The costs of third-party administered schemes also increased last year, and at a higher rate than that experienced by in-house schemes. The variation ranged between reductions of 1.1% through to increases of 3.3%. However, third-party administration costs are on average 14% lower than in-house administered schemes. This represents a cost savings ranging from £3.66 (E5.8) per head for smaller schemes of up to 2,000 members, to £8.40 per head for the largest schemes covering more than 10,000 members.
Although the potential savings are clear, lower costs have not been a leading driver in encouraging schemes to contract their administration to third parties. Interestingly, 46% of those that outsource their administration state that they do so because it is part of a general policy in the company to outsource non-core activities.
When asked to list the advantages of outsourcing in order of importance, “reduced administration” came up number one in 2001, rising from second place the previous year. The top answer in 2000, “access to specialist staff”, fell to number three. Lower costs remained eighth in this year’s survey.
Costs are not that important to in-house run schemes either. In fact, 34% of companies that retain their administration in-house do not cost their pension administration and management, and only 39% say confidently that they know what their pension scheme costs per member for administration and membership.
When asked to list the reasons that they retain their pension scheme administration in-house, the companies surveyed put “better administrative control” in the number one spot. They also believe that they benefit from “greater speed/response” and “greater efficiency” over third-party administration.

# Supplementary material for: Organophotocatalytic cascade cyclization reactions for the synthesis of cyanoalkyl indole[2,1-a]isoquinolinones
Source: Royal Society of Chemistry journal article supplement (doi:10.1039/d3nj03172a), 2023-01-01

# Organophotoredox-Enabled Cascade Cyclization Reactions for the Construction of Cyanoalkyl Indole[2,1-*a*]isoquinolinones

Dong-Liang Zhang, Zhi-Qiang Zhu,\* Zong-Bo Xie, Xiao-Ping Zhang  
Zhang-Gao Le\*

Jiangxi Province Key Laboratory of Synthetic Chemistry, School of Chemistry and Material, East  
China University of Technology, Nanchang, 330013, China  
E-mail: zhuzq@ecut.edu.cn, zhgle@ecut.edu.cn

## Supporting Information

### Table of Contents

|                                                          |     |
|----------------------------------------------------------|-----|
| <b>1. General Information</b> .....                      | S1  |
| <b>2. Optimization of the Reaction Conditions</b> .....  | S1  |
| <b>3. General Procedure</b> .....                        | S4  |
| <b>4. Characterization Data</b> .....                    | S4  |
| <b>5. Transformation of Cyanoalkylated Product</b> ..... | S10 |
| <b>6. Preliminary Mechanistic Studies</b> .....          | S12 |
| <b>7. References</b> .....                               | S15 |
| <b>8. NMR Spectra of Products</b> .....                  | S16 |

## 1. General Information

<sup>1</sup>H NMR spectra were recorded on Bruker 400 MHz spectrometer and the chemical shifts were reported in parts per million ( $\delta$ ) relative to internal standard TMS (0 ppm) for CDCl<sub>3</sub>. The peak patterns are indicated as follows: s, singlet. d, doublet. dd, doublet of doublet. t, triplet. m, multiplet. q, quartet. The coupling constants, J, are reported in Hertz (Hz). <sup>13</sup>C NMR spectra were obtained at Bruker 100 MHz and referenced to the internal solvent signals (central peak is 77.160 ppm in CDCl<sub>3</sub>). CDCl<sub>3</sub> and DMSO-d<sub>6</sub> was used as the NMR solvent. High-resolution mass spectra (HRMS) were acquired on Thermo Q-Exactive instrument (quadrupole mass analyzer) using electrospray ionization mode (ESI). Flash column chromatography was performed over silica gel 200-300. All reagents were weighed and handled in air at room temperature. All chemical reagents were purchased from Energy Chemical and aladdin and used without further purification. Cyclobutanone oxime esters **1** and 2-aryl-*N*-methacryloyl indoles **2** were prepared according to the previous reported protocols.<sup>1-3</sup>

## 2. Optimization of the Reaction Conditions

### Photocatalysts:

The majority of respondents are happy with their third-party administrator, but the level of satisfaction is down on the previous year: 70% of respondents said that the third-party service provider met targets for quality in 2001, against 83% the previous year. Third-party administrators let the side down particularly in terms of cost savings - only 58% of companies said that targets were met. There was also a decrease in satisfaction with overall service, down to 76% in 2001 from 83% the previous year.
This decline in customer satisfaction should represent a wake-up call for third party providers, who cannot afford to become complacent. Almost two-thirds of the schemes surveyed have reviewed their arrangements in the last three years, meaning that poor performance can cost firms business.
In addition, an increasing number of firms are including penalties or reductions in charges as a result of poor
performance in their contractual arrangements with their third-party providers - almost 40% do so, up from only 7% in 1995.